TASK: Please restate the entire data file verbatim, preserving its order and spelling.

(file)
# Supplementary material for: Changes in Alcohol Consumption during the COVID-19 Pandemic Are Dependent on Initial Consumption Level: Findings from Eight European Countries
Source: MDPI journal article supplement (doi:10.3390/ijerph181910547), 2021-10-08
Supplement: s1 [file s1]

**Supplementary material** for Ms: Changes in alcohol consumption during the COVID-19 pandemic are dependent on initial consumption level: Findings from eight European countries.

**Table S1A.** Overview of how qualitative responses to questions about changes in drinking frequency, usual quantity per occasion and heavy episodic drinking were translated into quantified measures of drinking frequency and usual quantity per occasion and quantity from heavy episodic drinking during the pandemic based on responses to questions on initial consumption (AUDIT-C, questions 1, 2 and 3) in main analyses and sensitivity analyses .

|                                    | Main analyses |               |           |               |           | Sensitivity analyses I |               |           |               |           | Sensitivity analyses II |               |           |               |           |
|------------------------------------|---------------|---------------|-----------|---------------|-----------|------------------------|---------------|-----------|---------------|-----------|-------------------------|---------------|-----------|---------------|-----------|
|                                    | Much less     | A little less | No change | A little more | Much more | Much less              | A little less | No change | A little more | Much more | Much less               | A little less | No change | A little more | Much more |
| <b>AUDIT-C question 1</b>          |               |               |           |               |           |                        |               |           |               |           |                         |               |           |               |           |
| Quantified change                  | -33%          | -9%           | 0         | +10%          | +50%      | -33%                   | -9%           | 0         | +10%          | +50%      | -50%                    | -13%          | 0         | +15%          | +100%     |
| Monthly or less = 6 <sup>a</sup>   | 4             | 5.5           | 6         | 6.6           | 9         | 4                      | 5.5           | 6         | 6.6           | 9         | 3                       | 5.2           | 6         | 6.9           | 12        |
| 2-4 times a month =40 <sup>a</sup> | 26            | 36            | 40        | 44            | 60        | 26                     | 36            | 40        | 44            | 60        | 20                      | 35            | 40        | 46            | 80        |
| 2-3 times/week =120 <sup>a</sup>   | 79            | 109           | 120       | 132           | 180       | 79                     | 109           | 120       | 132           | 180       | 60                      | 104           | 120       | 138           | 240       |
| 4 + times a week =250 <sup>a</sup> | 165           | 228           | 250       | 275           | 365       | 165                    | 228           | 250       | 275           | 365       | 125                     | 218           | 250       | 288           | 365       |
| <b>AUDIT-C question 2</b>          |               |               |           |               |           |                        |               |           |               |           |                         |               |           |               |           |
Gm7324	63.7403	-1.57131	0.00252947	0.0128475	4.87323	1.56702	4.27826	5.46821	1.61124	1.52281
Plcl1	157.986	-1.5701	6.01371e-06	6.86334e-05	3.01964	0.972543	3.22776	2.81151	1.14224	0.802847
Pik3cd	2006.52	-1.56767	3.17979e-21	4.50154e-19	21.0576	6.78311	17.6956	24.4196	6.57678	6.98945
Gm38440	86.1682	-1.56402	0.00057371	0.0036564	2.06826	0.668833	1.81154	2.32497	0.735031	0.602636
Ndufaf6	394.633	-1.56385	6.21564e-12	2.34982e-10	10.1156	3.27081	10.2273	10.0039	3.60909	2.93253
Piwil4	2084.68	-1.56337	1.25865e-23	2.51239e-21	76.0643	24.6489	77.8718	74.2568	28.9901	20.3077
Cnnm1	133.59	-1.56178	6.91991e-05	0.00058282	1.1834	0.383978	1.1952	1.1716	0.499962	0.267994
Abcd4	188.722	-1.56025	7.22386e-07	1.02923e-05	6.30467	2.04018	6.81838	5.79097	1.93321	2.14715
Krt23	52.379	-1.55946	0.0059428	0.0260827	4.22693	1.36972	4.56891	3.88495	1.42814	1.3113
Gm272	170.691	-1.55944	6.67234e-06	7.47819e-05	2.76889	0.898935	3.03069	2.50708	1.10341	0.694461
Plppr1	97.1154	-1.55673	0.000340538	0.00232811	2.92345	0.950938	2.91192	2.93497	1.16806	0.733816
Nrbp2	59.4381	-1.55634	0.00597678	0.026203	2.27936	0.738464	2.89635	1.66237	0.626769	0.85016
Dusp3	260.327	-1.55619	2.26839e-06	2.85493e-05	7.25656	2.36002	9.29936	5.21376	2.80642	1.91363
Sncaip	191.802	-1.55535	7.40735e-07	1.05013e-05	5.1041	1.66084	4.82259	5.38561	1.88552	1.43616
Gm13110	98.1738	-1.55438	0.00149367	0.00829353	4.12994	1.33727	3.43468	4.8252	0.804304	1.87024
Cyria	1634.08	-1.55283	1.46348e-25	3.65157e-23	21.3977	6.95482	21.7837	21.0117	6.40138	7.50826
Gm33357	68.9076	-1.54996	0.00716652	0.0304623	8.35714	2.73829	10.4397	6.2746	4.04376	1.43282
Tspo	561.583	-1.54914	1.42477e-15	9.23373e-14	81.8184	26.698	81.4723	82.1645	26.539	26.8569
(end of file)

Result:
# Supplementary material for: Changes in Alcohol Consumption during the COVID-19 Pandemic Are Dependent on Initial Consumption Level: Findings from Eight European Countries
Source: MDPI journal article supplement (doi:10.3390/ijerph181910547), 2021-10-08
Supplement: s1 [file s1]

**Supplementary material** for Ms: Changes in alcohol consumption during the COVID-19 pandemic are dependent on initial consumption level: Findings from eight European countries.

**Table S1A.** Overview of how qualitative responses to questions about changes in drinking frequency, usual quantity per occasion and heavy episodic drinking were translated into quantified measures of drinking frequency and usual quantity per occasion and quantity from heavy episodic drinking during the pandemic based on responses to questions on initial consumption (AUDIT-C, questions 1, 2 and 3) in main analyses and sensitivity analyses .

|                                    | Main analyses |               |           |               |           | Sensitivity analyses I |               |           |               |           | Sensitivity analyses II |               |           |               |           |
|------------------------------------|---------------|---------------|-----------|---------------|-----------|------------------------|---------------|-----------|---------------|-----------|-------------------------|---------------|-----------|---------------|-----------|
|                                    | Much less     | A little less | No change | A little more | Much more | Much less              | A little less | No change | A little more | Much more | Much less               | A little less | No change | A little more | Much more |
| <b>AUDIT-C question 1</b>          |               |               |           |               |           |                        |               |           |               |           |                         |               |           |               |           |
| Quantified change                  | -33%          | -9%           | 0         | +10%          | +50%      | -33%                   | -9%           | 0         | +10%          | +50%      | -50%                    | -13%          | 0         | +15%          | +100%     |
| Monthly or less = 6 <sup>a</sup>   | 4             | 5.5           | 6         | 6.6           | 9         | 4                      | 5.5           | 6         | 6.6           | 9         | 3                       | 5.2           | 6         | 6.9           | 12        |
| 2-4 times a month =40 <sup>a</sup> | 26            | 36            | 40        | 44            | 60        | 26                     | 36            | 40        | 44            | 60        | 20                      | 35            | 40        | 46            | 80        |
| 2-3 times/week =120 <sup>a</sup>   | 79            | 109           | 120       | 132           | 180       | 79                     | 109           | 120       | 132           | 180       | 60                      | 104           | 120       | 138           | 240       |
| 4 + times a week =250 <sup>a</sup> | 165           | 228           | 250       | 275           | 365       | 165                    | 228           | 250       | 275           | 365       | 125                     | 218           | 250       | 288           | 365       |
| <b>AUDIT-C question 2</b>          |               |               |           |               |           |                        |               |           |               |           |                         |               |           |               |           |
Gm7324	63.7403	-1.57131	0.00252947	0.0128475	4.87323	1.56702	4.27826	5.46821	1.61124	1.52281
Plcl1	157.986	-1.5701	6.01371e-06	6.86334e-05	3.01964	0.972543	3.22776	2.81151	1.14224	0.802847
Pik3cd	2006.52	-1.56767	3.17979e-21	4.50154e-19	21.0576	6.78311	17.6956	24.4196	6.57678	6.98945
Gm38440	86.1682	-1.56402	0.00057371	0.0036564	2.06826	0.668833	1.81154	2.32497	0.735031	0.602636
Ndufaf6	394.633	-1.56385	6.21564e-12	2.34982e-10	10.1156	3.27081	10.2273	10.0039	3.60909	2.93253
Piwil4	2084.68	-1.56337	1.25865e-23	2.51239e-21	76.0643	24.6489	77.8718	74.2568	28.9901	20.3077
Cnnm1	133.59	-1.56178	6.91991e-05	0.00058282	1.1834	0.383978	1.1952	1.1716	0.499962	0.267994
Abcd4	188.722	-1.56025	7.22386e-07	1.02923e-05	6.30467	2.04018	6.81838	5.79097	1.93321	2.14715
Krt23	52.379	-1.55946	0.0059428	0.0260827	4.22693	1.36972	4.56891	3.88495	1.42814	1.3113
Gm272	170.691	-1.55944	6.67234e-06	7.47819e-05	2.76889	0.898935	3.03069	2.50708	1.10341	0.694461
Plppr1	97.1154	-1.55673	0.000340538	0.00232811	2.92345	0.950938	2.91192	2.93497	1.16806	0.733816
Nrbp2	59.4381	-1.55634	0.00597678	0.026203	2.27936	0.738464	2.89635	1.66237	0.626769	0.85016
Dusp3	260.327	-1.55619	2.26839e-06	2.85493e-05	7.25656	2.36002	9.29936	5.21376	2.80642	1.91363
Sncaip	191.802	-1.55535	7.40735e-07	1.05013e-05	5.1041	1.66084	4.82259	5.38561	1.88552	1.43616
Gm13110	98.1738	-1.55438	0.00149367	0.00829353	4.12994	1.33727	3.43468	4.8252	0.804304	1.87024
Cyria	1634.08	-1.55283	1.46348e-25	3.65157e-23	21.3977	6.95482	21.7837	21.0117	6.40138	7.50826
Gm33357	68.9076	-1.54996	0.00716652	0.0304623	8.35714	2.73829	10.4397	6.2746	4.04376	1.43282
Tspo	561.583	-1.54914	1.42477e-15	9.23373e-14	81.8184	26.698	81.4723	82.1645	26.539	26.8569